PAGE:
Corruption in health services

Why fight corruption in the health sector?

Access to healthcare is one of the fundamental rights of every human being, enshrined in the International Covenant on Economic, Social and Cultural Rights. It is fundamental to people’s well-being and quality of life and an essential condition to inclusive human and economic development. As part of the 2030 Agenda for Sustainable Development, leaders from the world have committed to “ensure healthy lives and promote well-being for all at all ages” (SDG 3) by 2030.  

Corruption in the health sector is a major impediment to these commitments. Empirical evidence shows that corruption reduces immunisation rates, delays the vaccination of new-borns, discourages the use of public health clinics, reduces satisfaction of households with public health services and increases waiting time at health clinics.[1] Corruption reduces public resources available for medical equipment, drugs, and salaries,[2] thereby undermining the quantity and quality of health services and of patient care.[3] It increases the risks of malpractice and hospital infections. It distorts health policies, denies citizens access to hospitals, medicines and qualified staff and undermines efforts to combat major health challenges, such as malaria and HIV/AIDS. This in turn has a direct negative effect on mortality rates and child mortality rates[4] and life expectancies at birth,[5] and leads to higher incidences of epidemics and disease.[6] Addressing corruption in the health sector is a matter of life and death.  

Corruption in health services also has major economic impacts, raising the cost of healthcare for individuals, healthcare institutions and society in general.[7] Corruption also increases the cost of providing healthcare to citizens on an aggregate scale, as poor healthcare provision may result in incorrect diagnosis or inefficient treatments, which may evolve into other, more costly health conditions. Similarly, as low-quality prevention systems within healthcare lead to more serious disease outbreaks, corruption at the level of primary care provision can generate additional strains on public health systems.[8]  

Corruption in healthcare also has significant effects on the persistence of poverty in developing countries.[9] As they are more reliant on public services to access healthcare, the poor are disproportionally affected by the impact of corruption in the health sector. In addition, corruption in healthcare can have negative effects on productivity and working hours, undermining people’s livelihood as well as economic development and growth prospects.[10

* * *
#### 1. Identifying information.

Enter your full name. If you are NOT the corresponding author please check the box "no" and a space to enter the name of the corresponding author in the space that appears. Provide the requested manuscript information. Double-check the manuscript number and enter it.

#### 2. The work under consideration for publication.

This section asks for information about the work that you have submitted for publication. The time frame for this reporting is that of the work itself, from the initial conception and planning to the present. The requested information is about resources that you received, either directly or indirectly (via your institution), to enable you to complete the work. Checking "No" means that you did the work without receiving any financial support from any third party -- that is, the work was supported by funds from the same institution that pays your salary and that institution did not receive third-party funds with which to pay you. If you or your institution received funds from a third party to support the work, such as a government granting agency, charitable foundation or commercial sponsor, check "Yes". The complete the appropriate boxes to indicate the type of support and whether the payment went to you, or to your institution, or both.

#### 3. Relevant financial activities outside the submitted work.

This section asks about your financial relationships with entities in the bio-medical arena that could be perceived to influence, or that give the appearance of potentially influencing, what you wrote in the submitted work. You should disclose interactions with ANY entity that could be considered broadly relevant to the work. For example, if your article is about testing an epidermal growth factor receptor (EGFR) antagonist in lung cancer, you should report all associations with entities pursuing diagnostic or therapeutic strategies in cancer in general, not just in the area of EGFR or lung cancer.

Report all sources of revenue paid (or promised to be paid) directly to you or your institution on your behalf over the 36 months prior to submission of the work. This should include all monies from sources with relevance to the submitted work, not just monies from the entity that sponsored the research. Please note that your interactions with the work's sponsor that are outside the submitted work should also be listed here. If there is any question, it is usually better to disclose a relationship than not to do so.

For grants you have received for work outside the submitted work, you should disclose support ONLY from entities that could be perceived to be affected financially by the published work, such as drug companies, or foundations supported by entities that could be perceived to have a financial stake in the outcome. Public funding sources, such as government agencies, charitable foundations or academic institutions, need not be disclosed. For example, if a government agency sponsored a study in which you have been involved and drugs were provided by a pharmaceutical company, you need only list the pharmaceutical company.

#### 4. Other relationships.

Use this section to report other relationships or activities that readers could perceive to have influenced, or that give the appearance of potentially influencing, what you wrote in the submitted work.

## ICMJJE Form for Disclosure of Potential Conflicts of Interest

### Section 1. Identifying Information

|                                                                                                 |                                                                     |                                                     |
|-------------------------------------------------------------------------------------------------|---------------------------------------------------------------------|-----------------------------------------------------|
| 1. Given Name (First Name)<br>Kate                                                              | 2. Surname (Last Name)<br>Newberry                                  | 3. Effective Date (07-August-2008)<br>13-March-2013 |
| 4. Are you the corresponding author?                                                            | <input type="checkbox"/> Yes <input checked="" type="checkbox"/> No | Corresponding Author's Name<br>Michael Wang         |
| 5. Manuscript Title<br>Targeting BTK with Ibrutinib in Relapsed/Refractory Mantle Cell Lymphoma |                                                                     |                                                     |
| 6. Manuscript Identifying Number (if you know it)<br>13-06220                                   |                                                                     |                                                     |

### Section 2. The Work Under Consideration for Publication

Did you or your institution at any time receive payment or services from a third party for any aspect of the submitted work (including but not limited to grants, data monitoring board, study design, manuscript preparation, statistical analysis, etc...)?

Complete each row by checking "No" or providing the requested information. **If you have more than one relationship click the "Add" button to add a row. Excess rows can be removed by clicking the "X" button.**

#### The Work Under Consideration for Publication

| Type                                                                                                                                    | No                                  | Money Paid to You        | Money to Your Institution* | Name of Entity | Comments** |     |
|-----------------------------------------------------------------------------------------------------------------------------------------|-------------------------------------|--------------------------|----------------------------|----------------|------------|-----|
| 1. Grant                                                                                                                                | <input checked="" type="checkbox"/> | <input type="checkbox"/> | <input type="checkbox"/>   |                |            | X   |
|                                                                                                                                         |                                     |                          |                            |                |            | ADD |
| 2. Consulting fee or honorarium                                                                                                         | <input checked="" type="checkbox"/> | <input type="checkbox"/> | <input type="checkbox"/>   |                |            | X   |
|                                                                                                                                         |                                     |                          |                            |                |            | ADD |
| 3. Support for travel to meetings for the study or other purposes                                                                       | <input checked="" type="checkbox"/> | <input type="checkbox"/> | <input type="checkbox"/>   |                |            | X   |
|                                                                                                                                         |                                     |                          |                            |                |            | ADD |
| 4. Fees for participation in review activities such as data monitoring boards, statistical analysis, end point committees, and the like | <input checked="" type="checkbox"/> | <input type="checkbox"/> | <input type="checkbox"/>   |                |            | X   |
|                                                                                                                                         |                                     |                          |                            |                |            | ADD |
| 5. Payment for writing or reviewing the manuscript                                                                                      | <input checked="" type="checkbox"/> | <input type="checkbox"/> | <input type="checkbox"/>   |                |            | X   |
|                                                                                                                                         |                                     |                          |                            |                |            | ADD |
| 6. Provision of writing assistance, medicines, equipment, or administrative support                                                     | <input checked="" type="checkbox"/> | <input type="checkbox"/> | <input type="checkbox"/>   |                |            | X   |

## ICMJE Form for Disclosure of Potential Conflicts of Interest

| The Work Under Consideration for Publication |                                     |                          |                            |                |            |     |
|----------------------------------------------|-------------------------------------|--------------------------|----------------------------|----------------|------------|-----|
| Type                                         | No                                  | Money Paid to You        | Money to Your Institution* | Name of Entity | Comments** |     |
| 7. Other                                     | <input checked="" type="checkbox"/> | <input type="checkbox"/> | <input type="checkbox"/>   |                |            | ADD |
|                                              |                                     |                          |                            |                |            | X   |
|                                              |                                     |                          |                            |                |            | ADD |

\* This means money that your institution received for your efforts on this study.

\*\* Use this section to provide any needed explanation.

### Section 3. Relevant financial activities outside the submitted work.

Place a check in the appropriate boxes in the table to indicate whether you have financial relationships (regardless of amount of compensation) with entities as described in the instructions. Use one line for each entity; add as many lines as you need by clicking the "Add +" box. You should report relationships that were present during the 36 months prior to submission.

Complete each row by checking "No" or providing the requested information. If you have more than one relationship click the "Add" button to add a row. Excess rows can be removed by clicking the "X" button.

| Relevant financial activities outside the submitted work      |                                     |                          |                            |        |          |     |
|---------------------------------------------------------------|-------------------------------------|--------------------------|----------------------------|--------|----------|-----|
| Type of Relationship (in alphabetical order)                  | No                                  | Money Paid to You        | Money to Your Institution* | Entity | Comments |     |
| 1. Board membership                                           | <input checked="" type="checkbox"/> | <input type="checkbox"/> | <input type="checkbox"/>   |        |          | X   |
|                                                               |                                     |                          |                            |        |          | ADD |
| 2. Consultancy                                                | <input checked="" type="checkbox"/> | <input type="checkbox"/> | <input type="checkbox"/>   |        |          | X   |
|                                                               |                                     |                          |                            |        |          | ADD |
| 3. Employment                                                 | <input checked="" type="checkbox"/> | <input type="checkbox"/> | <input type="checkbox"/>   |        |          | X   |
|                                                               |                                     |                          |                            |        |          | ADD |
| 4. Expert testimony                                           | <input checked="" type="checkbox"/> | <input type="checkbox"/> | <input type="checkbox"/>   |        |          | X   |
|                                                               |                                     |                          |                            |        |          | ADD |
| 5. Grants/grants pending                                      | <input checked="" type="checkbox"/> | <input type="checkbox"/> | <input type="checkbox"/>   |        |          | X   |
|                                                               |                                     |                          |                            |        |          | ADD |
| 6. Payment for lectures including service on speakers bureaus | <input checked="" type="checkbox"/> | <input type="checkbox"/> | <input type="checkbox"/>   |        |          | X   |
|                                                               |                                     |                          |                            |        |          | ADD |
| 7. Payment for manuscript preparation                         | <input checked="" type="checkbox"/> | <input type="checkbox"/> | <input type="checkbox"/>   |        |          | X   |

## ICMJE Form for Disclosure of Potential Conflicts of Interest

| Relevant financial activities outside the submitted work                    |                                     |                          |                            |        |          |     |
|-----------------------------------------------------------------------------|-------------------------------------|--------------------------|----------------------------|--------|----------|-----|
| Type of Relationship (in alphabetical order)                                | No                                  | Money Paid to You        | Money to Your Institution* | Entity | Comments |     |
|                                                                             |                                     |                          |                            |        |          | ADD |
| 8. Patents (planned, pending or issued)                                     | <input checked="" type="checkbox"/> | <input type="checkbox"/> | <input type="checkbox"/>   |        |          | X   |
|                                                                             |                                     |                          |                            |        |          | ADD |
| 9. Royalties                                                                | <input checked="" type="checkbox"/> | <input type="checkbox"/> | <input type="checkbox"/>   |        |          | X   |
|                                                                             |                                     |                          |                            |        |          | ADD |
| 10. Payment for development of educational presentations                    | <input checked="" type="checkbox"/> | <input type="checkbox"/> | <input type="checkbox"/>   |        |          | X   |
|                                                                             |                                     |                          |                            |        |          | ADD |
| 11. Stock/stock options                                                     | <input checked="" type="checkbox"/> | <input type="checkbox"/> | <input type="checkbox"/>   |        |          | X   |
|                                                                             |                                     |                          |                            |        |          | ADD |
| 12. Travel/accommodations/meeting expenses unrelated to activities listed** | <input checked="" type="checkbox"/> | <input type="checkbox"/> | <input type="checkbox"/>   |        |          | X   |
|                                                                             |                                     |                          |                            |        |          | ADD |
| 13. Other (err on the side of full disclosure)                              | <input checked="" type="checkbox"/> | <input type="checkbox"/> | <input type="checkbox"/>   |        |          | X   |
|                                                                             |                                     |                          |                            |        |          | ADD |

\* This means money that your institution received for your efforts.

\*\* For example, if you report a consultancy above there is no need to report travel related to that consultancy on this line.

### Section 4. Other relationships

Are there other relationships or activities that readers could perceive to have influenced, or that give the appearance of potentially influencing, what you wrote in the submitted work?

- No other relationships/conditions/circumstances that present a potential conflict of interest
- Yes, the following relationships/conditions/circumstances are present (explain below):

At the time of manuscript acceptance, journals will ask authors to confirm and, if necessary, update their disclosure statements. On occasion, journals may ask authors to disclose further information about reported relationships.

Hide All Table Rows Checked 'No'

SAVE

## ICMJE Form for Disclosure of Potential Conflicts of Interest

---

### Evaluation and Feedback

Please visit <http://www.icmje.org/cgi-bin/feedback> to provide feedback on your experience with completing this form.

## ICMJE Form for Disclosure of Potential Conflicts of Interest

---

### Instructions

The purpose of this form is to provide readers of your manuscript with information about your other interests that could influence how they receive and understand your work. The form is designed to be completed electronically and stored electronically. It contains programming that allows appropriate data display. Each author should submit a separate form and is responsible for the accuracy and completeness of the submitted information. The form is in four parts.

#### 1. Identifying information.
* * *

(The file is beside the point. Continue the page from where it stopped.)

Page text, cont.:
Yet, corruption in the health sector is widespread in many countries. World Bank surveys suggest that, in some countries, up to 80 per cent of non-salary health funds never reach local facilities.[11] There are a number of factors that make the health sector particularly vulnerable to corruption. Health systems are characterised by complex administrative structures and involve large-scale investments as well as a large number of public and private providers, making it harder to establish effective accountability systems.  

At the same time, there are vast funds at stake and these financial flows are attractive targets for abuse. According to a 2008 WHO report, total expenditures on health worldwide represent 8 per cent of the world’s GDP. Every year, more than US$3 trillion is spent on health services globally, primarily financed by taxpayers.[12] The sector is also characterised by a fundamental imbalance of information between health practitioners and patients and risks of conflicts of interest between health officials and private companies.  

Corruption and the outbreak and management of the Ebola crisis

Between 2013 and 2015, the Ebola virus claimed thousands of lives, devastating fragile healthcare systems and ravaging the economies and societies of Sierra Leone, Liberia and Guinea-Conakry. Large flows of aid were channelled to these countries with weak institutions and governance structures to contain the epidemic. Corruption was a particular challenge for these countries’ strained health systems, fuelling low trust levels in government institutions and leading Ebola-affected communities to resist the efforts of medical personnel to isolate and treat victims, collect data and dead bodies. Corruption further undermined efforts to contain and mitigate the disease, with diversion of relief funding and supplies, mismanagement by public officials and petty corruption compromising containment measures, such as roadblocks, quarantines, body collection and burials.[13]



Iñaki Albisu Ardigó; Marie Chêne


Matthew Jenkins

Contributing experts:

Umrbek Allakulov (Water Integrity Network)

Shaazka Beyerle (US Institute of Peace)

Simone Bloem (Center for Applied Policy)

Claire Grandadam (Water Integrity Network)

Jacques Hallak (Jules Verne University – Amiens)

Mihaylo Milovanovitch (Centre For Applied Policy)

Muriel Poisson (International Institute for Educational Planning (IIEP-UNESCO)

Juanita Riano (Inter-American Development Bank)

Marc Y. Tassé (Canadian Centre of Excellence for Anti-Corruption)

Vítězslav Titl (University of Siegen)

Davide Torsello (Central European University Business School)

Patty Zakaria (Royal Roads University)



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